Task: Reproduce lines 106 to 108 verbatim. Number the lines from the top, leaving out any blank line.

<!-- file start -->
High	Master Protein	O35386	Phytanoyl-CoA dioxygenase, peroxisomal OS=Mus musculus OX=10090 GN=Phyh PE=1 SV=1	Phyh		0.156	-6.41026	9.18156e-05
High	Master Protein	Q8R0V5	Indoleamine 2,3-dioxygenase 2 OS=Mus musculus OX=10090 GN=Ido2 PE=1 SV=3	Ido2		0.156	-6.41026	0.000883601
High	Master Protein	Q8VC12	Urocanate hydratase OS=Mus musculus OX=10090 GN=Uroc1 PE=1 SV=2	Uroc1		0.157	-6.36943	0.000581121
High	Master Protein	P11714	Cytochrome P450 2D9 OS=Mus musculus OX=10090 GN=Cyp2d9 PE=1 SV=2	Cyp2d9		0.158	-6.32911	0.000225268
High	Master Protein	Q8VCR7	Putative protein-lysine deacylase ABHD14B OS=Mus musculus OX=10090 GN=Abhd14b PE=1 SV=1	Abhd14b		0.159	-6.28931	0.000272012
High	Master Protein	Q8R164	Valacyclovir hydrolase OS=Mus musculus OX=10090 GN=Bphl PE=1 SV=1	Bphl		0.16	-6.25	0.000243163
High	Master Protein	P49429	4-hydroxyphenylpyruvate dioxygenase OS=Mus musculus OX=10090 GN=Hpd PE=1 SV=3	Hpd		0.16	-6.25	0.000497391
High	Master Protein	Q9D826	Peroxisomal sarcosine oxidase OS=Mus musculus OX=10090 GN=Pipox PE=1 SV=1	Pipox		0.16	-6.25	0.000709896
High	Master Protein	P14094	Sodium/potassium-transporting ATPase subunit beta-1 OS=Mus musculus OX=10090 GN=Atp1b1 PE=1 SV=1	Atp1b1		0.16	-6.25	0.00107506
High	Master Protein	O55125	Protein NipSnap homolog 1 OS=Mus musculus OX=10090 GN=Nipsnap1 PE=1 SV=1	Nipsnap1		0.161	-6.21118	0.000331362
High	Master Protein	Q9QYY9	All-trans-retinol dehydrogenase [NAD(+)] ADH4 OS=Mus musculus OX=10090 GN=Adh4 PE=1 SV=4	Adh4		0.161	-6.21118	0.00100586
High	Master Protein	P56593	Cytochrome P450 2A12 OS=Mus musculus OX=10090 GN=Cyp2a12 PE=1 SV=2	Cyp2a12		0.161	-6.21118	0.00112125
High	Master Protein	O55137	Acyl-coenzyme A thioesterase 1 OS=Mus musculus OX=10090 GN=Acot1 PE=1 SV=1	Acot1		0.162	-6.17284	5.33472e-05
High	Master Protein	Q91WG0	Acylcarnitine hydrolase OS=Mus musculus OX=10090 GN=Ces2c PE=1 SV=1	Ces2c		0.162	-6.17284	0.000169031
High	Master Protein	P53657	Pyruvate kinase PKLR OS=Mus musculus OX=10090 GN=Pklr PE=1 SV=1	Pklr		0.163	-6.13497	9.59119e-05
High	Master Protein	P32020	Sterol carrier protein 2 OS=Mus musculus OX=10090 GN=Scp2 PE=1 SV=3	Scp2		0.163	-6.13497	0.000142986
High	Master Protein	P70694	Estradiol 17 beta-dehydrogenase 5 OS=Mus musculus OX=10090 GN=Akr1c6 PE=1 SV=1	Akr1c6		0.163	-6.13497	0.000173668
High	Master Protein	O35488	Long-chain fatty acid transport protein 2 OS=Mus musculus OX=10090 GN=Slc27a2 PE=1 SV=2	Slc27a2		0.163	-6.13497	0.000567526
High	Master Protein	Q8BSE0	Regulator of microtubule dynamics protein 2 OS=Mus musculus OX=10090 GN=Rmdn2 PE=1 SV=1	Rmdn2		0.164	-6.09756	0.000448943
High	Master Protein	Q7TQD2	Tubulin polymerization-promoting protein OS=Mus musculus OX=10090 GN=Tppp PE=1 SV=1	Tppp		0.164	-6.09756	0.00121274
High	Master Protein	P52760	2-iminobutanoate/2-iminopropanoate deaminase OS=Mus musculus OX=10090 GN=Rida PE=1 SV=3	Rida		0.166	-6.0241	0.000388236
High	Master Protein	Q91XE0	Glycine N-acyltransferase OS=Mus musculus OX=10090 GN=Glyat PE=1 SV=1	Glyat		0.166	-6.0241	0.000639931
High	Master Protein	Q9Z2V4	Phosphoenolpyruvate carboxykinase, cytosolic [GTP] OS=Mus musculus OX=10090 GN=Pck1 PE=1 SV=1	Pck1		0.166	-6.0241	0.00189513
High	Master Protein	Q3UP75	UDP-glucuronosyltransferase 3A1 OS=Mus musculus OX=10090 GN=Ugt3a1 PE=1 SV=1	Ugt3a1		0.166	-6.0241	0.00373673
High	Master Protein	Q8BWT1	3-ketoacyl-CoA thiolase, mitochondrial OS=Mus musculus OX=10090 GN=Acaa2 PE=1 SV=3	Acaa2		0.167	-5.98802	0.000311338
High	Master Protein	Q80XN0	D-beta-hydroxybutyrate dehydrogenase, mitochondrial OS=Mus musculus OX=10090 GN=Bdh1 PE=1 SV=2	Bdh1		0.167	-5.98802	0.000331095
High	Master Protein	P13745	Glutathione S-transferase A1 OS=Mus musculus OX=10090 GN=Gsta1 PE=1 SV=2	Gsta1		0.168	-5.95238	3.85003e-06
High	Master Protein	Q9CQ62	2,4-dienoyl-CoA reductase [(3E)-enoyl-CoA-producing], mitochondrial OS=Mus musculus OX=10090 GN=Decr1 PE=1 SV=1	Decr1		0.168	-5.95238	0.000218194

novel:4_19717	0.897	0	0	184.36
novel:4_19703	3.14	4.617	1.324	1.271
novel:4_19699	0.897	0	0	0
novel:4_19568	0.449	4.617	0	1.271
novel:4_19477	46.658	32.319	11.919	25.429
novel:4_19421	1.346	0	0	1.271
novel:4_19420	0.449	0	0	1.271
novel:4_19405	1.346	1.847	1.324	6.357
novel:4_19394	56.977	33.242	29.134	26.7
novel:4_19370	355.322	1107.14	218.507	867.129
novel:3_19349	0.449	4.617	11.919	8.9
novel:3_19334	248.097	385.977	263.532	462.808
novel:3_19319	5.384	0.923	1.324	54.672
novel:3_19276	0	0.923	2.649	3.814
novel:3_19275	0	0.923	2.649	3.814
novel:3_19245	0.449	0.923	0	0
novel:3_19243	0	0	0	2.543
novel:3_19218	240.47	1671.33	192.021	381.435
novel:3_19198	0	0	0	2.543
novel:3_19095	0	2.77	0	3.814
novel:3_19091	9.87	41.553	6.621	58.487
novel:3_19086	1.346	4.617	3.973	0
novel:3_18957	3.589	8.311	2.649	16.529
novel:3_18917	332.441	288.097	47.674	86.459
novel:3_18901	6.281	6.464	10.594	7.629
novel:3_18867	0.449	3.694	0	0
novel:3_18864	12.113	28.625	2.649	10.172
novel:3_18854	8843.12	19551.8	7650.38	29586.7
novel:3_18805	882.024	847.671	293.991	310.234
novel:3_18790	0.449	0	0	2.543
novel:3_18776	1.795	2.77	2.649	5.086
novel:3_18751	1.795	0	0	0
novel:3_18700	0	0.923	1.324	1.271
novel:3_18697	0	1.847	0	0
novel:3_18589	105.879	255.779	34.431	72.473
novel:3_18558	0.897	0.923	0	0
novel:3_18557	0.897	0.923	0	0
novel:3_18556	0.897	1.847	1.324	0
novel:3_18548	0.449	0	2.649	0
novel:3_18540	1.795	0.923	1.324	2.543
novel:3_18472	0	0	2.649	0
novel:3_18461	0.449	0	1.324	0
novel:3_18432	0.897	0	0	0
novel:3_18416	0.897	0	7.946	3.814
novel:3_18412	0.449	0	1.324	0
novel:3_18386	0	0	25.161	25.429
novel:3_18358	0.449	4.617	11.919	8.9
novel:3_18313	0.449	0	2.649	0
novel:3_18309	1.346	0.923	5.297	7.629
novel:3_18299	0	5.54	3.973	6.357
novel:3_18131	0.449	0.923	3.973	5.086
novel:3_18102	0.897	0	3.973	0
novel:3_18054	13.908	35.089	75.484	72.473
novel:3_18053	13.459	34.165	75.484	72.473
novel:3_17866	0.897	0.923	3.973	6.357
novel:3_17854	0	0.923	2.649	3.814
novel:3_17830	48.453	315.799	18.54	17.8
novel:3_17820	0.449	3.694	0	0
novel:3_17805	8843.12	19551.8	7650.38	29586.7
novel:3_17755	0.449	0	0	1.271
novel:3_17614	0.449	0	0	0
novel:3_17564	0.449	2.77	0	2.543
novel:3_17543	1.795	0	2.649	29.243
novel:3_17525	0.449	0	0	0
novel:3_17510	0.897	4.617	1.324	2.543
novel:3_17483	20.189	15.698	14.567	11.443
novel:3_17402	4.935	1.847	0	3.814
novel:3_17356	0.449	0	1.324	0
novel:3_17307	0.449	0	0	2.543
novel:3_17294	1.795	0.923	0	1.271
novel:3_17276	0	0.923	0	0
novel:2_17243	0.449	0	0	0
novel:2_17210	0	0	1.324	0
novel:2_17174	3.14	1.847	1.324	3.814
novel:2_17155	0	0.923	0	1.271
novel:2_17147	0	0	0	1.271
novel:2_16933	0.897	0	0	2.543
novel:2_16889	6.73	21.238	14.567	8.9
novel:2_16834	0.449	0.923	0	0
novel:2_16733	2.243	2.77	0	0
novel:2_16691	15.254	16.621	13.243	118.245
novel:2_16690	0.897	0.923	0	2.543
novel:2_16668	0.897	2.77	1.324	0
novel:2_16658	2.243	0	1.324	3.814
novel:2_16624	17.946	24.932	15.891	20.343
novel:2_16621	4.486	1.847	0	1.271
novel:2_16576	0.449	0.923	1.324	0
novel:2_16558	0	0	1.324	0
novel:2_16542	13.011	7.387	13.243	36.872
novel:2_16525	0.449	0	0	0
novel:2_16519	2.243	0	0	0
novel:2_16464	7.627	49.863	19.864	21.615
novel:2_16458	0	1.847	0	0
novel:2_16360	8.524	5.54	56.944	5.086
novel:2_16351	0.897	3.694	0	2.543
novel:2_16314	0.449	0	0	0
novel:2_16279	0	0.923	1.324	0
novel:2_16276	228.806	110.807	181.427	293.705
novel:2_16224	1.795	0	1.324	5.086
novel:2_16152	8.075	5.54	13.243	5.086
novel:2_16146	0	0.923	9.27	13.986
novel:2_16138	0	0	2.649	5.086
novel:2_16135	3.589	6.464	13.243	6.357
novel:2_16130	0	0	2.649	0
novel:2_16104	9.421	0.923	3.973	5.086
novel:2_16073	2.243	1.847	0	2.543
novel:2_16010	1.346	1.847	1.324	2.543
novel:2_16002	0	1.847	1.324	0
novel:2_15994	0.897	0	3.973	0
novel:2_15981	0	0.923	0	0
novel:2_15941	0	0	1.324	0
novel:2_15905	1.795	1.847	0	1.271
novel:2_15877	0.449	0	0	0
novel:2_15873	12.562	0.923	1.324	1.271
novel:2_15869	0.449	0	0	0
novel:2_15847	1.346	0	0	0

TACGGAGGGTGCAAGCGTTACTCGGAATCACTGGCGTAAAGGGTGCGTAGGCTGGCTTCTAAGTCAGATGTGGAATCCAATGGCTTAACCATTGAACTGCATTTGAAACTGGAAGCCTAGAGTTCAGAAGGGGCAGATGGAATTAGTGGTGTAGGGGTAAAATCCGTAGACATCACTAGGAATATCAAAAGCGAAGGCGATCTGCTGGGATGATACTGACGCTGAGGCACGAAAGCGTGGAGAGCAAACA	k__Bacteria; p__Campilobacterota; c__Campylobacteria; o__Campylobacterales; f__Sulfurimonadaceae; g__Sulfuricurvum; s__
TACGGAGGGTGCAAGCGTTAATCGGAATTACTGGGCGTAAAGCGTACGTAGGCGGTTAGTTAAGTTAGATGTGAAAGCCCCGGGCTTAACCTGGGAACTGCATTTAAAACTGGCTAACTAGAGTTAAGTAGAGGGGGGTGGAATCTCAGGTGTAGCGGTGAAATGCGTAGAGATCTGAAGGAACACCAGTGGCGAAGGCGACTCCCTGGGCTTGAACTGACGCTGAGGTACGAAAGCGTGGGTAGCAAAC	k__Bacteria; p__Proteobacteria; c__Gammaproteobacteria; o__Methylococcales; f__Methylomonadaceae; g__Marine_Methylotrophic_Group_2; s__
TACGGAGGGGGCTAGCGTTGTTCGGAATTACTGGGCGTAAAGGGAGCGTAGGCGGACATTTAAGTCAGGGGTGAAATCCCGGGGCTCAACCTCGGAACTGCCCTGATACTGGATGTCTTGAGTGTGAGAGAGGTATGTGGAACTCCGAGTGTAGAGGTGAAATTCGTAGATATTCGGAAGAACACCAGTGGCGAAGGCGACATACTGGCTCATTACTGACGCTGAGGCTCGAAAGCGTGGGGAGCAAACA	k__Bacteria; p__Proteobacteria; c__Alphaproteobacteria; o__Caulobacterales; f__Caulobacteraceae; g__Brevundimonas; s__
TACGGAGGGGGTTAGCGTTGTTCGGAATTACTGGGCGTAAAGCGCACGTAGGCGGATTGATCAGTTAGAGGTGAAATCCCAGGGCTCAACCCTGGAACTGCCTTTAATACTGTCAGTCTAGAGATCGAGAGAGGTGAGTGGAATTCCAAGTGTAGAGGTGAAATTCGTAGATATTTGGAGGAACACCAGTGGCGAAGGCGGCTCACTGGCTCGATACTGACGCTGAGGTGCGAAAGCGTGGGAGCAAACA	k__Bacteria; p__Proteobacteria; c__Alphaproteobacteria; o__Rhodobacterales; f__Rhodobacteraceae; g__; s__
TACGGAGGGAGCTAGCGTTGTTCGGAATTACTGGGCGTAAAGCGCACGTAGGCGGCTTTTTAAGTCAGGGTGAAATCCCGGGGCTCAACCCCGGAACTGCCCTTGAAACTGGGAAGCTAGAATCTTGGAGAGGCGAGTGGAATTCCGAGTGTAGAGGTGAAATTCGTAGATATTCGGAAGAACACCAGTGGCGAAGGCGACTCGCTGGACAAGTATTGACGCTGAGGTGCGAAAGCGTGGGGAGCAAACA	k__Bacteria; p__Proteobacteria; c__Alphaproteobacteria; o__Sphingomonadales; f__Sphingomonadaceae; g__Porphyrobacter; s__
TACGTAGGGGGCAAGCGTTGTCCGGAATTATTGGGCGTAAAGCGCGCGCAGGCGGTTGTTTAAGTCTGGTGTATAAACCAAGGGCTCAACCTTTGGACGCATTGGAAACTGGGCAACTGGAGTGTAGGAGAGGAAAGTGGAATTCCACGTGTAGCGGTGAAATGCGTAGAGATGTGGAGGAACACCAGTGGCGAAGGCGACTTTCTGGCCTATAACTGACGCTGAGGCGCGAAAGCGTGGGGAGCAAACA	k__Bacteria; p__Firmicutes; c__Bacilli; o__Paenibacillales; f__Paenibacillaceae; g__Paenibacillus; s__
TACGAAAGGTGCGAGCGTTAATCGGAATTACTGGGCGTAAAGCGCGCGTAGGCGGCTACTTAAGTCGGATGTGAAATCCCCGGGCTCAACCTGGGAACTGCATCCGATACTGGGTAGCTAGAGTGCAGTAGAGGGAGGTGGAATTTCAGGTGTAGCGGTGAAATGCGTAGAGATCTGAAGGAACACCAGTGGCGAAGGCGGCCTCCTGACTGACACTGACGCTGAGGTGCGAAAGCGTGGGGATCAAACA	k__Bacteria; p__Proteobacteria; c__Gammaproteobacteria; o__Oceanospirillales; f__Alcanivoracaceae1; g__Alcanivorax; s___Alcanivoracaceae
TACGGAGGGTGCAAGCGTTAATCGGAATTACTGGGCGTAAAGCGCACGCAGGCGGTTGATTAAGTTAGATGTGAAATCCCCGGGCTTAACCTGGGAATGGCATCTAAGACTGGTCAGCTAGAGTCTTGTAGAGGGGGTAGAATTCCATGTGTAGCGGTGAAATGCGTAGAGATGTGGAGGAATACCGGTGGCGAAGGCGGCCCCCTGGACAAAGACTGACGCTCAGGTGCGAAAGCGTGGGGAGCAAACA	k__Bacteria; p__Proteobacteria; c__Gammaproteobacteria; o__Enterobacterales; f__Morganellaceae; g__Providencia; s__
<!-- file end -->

novel:2_16889	6.73	21.238	14.567	8.9
novel:2_16834	0.449	0.923	0	0
novel:2_16733	2.243	2.77	0	0